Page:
Commentary: South Korea: A Boom Or A "Ticking Bomb"?Moon Ihlwan
South Korea is widely regarded as the star performer in pulling out of Asia's 1997 financial collapse. A cursory glance at the latest data suggests that its reputation may be well deserved. The economy grew at a fiery 10.2% in 1999 after slumping 5.8% in 1998; inflation is below 1% after reaching 7.5% in 1998. Meanwhile, the trade surplus has soared to $24.5 billion, and foreign-currency reserves have reached $74 billion.
Yet, say economists, the country remains vulnerable to another bust. Beneath the reassuring surface, Korea Inc. is still a financial wreck. Companies are highly leveraged and laden with debts. Banks are taking on dubious loans. And the administration of President Kim Dae Jung is pegging interest rates around 10%--about half their level during the first half of 1999--to pump growth just as analysts increasingly worry that the economy is overheating. "This is a ticking bomb," says Jun Sung In, economics professor at Seoul's Hong Ik University. "The only hope is that the government will get its act together before the bomb explodes."
STRONG-ARMED BANKS. That hope may be overblown. Facing parliamentary elections in April, 2000, the government is in no mood to risk its narrow majority by inflicting economic pain on voters. A year ago, Economy & Finance Minister Kang Bong Kyun promised that Seoul would focus on overhauling the financial system. Instead, the government has shied away from any measure that could hurt the nation's 24 investment trust companies. That's because together they hold a massive $175 billion owned by 10 million Koreans--or nearly a quarter of all savings. The trusts invest in high-yield corporate debt. They hold, for example, $23 billion worth of bonds sold by the failed Daewoo Group.
In turn, the trusts' exposure to corporate debt has made Seoul most reluctant to force companies to clean up their balance sheets. In 1998, South Korea's corporations had to spend 125% of their operating profits to service debt, according to the state-backed Korea Development Institute. As a result, companies had to borrow yet more. The situation improved in the first half of 1999, but debt service still amounted to 60% of operating profits. Foreign banks regard a 50% figure as a warning sign. Even Hyundai Electronics Industries Co., now the world's largest computer memory chipmaker, couldn't earn enough to service its debt last year.
The government had reason to be spooked. A wave of corporate collapses or debt write-downs could have sparked a bond market bust. Even if the financial system survived, rates would again have soared, probably halting growth.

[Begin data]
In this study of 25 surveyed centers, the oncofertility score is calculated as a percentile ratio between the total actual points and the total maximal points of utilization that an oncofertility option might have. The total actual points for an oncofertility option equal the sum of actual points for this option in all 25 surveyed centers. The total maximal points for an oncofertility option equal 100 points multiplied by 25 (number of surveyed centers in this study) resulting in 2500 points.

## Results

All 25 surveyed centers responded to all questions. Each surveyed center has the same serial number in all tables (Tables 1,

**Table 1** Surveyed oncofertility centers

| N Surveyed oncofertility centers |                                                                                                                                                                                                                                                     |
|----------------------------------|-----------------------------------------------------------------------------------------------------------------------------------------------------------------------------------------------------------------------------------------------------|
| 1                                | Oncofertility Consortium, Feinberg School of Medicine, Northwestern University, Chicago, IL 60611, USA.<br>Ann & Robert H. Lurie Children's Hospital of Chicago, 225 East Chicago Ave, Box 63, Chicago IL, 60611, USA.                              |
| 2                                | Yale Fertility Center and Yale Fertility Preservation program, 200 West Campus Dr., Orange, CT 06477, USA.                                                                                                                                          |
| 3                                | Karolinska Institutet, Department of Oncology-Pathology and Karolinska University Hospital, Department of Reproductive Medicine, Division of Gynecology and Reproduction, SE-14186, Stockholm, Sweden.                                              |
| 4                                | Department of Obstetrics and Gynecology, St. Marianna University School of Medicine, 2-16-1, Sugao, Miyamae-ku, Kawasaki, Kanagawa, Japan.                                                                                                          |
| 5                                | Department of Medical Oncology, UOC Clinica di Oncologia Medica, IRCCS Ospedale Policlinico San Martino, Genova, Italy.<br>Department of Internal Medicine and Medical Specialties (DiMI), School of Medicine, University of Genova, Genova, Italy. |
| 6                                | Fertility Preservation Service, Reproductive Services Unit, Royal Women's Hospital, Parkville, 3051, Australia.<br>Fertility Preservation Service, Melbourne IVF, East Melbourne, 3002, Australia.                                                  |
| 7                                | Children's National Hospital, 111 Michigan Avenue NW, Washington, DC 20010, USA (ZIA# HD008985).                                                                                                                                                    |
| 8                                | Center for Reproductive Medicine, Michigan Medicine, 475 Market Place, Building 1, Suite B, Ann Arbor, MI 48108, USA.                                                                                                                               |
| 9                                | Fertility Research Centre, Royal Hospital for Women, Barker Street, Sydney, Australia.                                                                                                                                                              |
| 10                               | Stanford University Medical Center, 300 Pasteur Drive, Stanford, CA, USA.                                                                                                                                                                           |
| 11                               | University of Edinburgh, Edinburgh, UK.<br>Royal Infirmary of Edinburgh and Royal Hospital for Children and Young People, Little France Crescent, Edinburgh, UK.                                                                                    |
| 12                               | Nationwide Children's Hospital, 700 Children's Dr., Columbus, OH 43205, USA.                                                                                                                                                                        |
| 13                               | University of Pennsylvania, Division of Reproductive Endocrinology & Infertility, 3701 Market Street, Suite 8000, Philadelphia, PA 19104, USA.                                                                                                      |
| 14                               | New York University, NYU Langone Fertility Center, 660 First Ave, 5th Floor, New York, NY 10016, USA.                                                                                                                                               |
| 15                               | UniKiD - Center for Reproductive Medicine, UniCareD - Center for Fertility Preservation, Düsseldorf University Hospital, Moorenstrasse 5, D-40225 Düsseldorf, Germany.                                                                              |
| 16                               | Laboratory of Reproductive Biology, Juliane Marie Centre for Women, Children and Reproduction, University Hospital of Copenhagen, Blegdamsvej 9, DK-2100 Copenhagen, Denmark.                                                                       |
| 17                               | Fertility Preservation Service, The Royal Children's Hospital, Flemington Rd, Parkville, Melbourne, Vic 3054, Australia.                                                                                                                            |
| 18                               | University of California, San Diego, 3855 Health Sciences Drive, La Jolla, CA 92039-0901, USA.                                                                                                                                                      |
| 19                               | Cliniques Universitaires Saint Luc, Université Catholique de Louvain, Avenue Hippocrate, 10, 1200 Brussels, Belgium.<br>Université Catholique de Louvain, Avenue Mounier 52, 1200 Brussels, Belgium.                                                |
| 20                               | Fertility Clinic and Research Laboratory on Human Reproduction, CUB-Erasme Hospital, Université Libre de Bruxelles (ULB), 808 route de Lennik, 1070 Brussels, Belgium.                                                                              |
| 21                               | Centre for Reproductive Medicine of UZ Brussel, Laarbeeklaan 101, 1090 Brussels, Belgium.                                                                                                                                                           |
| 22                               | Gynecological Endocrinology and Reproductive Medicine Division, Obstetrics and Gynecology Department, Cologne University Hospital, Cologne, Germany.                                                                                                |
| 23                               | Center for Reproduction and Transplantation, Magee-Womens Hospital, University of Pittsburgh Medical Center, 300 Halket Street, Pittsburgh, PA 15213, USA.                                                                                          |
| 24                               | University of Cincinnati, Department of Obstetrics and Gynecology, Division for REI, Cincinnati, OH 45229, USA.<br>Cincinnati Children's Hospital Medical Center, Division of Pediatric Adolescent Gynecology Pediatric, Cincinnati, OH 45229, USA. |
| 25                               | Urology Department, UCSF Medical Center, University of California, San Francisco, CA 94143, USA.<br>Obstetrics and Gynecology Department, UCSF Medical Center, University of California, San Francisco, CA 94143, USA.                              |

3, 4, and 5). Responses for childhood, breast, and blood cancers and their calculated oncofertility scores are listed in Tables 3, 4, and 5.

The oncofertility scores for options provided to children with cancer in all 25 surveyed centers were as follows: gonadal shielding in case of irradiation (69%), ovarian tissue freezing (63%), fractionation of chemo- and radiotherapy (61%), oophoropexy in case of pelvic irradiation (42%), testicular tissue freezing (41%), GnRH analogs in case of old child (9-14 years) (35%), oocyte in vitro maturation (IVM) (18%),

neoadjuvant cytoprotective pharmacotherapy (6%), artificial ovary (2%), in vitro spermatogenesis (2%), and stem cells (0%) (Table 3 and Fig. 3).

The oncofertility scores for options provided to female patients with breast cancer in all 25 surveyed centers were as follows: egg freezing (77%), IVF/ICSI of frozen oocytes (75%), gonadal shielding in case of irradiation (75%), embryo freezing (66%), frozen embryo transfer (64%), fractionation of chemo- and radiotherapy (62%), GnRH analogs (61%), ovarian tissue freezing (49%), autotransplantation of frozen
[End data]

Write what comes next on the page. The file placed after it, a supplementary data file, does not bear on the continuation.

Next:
But in attempting to avoid such a fate, the government often ties itself in knots. In late September, for example, it strong-armed banks to underwrite a $20 billion bond stabilization fund to prop up the investment trusts. Now, it won't allow institutional investors to redeem any funds used to buy nearly worthless Daewoo bonds until July. Retail investors can withdraw up to 80% of such holdings. Few have, because come February, trust companies will have to guarantee to repay them 95% of the original value. Next, the government plans to use taxpayer dollars to keep the investment trusts afloat if they face huge withdrawals.
Meanwhile, Seoul has delayed, beyond the elections, a requirement for the trusts to mark their bond holdings to market values. For now, the bonds are listed at inflated purchase prices. Even when the new rules go into effect in July, they will apply only to new purchases.
The same air of unreality surrounds local credit practices. After insolvent companies are bolstered by bailouts, local ratings agencies often score them as investment-grade, according to KDI. The agencies aren't alone in wearing rosy spectacles. Creditor banks of Ssangyong Motor, a money-loser in each of the past five years, declared it was suffering a "temporary liquidity shortage"--to avoid taking write-downs on their own balance sheets.
Neither creative accounting nor the economic numbers blind shrewd local observers to the underlying reality. For one thing, booming exports depend largely on the surging yen and high prices for lines such as DRAM computer chips, currently in short supply. "The remarkable economic recovery has not been the result of successful reform, but because reform was delayed," says Chung Un Chan, economics professor at Seoul National University.
For now, though, too many people in South Korea and abroad still hold on to the illusion. That's the most worrisome sign of all.